Emmy, Oscar, and Tony Award–winning actor Viola Davis has the #1 book in the country with Finding Me, the latest Oprah’s Book Club pick and “a master class in triumphing over poverty and despair,” our starred review said. “Though her success didn’t come overnight, years of hard work led Davis to break out of the stereotypical ‘eye-rolling, ambiguous sidekick’ roles that she bemoans Black women actors are often cast in, and win a 2014 Emmy at age 47 for her role in Shonda Rhimes’s How to Get Away with Murder.” On April 27, New York’s 92Y hosted the author in conversation with #MeToo founder Tarana Burke; at r., Davis and her husband, Julius Tennon, joined in a toast before the appearance.
Turn Up the Heat
City on Fire by Don Winslow lands at #3 on our hardcover fiction list. “Set in 1986, this impressive series launch from Edgar finalist Winslow focuses on the follies, vendettas, and private ambitions of warring mobsters in Providence, R.I.,” per our starred review, which called the novel an “impressive series launch.” First-week print unit sales bode well for the next installment.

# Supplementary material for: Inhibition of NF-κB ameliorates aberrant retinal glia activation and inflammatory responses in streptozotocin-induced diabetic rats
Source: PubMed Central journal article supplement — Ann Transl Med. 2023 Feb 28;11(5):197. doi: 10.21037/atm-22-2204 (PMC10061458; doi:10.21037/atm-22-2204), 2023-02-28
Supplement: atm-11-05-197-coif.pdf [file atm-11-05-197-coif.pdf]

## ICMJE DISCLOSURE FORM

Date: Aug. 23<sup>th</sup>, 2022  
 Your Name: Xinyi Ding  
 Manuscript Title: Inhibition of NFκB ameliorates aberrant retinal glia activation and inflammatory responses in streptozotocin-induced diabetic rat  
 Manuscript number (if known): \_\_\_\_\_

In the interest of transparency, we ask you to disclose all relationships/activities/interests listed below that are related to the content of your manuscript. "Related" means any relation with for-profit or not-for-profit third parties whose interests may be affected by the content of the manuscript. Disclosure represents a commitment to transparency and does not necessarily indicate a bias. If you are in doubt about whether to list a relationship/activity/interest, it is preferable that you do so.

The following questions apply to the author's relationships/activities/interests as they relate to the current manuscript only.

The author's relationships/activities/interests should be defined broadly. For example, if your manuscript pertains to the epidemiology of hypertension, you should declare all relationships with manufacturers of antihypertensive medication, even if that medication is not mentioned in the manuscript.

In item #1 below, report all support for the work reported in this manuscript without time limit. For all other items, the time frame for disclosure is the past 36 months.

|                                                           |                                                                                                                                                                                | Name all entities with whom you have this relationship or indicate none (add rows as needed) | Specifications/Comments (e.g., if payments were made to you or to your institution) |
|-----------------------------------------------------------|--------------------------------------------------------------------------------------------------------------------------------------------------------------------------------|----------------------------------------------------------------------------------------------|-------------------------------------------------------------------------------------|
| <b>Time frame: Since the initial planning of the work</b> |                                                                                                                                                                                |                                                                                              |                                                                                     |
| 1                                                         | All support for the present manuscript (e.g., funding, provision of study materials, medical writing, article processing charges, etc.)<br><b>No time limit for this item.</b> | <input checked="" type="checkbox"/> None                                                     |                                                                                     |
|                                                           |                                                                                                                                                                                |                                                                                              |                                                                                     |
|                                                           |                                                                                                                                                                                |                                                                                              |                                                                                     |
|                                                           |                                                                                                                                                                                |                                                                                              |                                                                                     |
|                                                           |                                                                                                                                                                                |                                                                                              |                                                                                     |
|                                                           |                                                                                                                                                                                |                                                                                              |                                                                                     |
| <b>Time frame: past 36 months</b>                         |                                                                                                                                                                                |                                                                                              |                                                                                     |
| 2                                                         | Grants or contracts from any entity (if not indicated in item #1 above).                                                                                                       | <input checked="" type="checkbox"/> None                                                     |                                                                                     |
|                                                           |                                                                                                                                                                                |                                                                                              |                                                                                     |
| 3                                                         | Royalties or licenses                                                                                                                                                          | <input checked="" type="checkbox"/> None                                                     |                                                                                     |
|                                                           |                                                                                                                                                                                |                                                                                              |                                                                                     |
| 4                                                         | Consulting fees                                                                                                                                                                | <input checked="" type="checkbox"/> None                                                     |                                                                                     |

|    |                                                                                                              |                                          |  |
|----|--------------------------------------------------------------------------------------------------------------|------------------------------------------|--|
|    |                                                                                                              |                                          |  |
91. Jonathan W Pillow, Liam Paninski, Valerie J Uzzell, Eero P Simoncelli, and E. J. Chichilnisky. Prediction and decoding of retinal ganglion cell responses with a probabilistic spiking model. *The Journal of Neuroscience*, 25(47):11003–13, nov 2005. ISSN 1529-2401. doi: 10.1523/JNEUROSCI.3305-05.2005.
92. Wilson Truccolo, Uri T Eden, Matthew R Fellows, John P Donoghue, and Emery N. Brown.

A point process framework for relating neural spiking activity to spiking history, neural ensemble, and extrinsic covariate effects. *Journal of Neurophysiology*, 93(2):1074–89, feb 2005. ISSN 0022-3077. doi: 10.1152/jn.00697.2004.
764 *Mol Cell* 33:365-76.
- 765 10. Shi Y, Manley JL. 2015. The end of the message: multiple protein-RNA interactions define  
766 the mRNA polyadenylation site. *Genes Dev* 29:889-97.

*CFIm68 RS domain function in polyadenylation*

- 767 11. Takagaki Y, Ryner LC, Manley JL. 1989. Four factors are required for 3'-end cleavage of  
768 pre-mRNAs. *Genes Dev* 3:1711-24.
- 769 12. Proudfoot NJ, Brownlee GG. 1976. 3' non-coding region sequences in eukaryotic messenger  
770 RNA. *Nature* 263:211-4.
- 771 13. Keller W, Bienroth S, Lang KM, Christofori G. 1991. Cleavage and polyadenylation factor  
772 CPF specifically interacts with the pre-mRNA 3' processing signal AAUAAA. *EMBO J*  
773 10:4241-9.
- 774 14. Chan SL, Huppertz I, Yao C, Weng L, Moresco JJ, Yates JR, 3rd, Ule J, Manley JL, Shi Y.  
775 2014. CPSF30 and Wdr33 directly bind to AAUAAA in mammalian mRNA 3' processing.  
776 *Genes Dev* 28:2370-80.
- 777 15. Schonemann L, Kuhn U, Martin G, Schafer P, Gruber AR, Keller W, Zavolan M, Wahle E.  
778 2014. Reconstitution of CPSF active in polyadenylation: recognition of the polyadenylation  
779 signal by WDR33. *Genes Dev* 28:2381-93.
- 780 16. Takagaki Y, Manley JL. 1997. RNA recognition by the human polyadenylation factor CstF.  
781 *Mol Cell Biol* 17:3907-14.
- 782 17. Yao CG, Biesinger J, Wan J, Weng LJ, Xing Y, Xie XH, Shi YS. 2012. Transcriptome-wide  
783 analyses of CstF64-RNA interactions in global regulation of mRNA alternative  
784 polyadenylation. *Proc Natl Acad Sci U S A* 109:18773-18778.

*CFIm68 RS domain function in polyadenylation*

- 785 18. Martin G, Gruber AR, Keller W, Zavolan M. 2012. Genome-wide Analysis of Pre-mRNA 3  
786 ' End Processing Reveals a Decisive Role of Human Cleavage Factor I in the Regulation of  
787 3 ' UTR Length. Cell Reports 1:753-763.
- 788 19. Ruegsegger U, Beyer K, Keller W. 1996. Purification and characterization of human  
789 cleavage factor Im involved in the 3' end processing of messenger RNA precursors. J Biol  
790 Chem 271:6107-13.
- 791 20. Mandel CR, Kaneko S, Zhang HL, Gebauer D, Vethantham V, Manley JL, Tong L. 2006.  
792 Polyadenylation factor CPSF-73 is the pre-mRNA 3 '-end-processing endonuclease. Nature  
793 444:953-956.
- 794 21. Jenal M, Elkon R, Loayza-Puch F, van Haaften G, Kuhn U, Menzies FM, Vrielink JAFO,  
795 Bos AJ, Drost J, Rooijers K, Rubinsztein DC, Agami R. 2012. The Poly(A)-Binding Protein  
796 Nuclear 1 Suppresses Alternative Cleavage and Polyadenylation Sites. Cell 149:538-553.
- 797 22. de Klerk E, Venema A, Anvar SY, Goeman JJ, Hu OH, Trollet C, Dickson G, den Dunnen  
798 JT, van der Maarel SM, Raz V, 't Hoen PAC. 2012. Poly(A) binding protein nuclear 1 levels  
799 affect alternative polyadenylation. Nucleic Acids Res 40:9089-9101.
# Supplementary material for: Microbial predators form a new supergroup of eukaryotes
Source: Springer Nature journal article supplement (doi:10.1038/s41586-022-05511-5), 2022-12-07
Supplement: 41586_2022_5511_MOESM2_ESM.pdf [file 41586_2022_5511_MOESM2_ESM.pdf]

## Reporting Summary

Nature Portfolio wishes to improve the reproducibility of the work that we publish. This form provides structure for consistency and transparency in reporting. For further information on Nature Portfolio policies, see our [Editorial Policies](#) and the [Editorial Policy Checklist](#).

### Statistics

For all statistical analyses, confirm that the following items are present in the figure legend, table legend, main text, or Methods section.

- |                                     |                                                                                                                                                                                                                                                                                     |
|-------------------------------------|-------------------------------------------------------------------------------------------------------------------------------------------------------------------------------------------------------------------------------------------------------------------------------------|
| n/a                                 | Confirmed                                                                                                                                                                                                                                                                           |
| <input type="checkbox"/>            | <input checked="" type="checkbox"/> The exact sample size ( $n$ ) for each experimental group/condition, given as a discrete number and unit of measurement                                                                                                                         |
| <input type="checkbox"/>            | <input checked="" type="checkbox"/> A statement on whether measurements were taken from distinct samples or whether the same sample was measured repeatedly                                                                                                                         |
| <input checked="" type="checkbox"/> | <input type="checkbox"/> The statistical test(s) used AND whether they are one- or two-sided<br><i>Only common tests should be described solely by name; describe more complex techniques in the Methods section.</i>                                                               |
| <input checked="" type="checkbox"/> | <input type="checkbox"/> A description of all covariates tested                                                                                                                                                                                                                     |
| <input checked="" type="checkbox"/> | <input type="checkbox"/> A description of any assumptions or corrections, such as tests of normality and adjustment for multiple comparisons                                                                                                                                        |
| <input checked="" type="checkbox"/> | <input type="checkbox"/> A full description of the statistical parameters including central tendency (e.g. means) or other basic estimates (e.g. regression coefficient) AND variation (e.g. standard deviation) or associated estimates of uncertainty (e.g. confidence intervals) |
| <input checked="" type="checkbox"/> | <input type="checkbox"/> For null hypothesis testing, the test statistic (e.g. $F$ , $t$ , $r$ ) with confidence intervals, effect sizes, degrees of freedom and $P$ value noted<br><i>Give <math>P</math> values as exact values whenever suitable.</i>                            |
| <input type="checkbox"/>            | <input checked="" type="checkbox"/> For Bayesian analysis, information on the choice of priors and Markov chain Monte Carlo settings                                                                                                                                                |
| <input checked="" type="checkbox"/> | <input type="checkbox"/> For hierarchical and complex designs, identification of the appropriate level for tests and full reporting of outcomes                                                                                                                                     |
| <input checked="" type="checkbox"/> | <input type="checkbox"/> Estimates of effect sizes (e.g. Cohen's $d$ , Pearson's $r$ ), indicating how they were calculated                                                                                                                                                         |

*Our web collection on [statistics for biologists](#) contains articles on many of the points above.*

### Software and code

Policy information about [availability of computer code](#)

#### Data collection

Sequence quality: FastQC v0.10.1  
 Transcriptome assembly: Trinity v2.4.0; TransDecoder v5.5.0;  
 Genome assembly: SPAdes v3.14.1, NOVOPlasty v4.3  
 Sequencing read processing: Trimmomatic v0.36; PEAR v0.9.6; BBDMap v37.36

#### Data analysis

The LGBTQ romantic drama Heartstopper, adapted from Alice Oseman’s webcomic and YA graphic novels of the same name, debuted on Netflix April 22, boosting sales for Oseman’s books. Vol. 3 in her series, which was the #18 children’s frontlist fiction title last week, is #3 this week; Vol. 4 returns to that list at #5. The other two installments, both backlist, also saw gains.
NEW & NOTABLE
THE GOOD LEFT UNDONE
#5 Hardcover Fiction
In what our review deemed a “sweeping epic,” Trigiani “follows three generations of the Tuscan Cabrelli clan as they deal with war, heartbreak, and family secrets.” The review praised the the author’s “lush descriptions and trademark acute attention to family dynamics,” calling her latest “one to savor.”
#7 Hardcover Nonfiction
“Suskind, a professor of surgery and pediatrics, makes an impassioned case for family-focused policy to support brain development in young children,” per our review. “Wrenching stories of parents driven to the brink by a broken system make policy issues feel powerfully personal. This is an incisive and persuasive call to action.”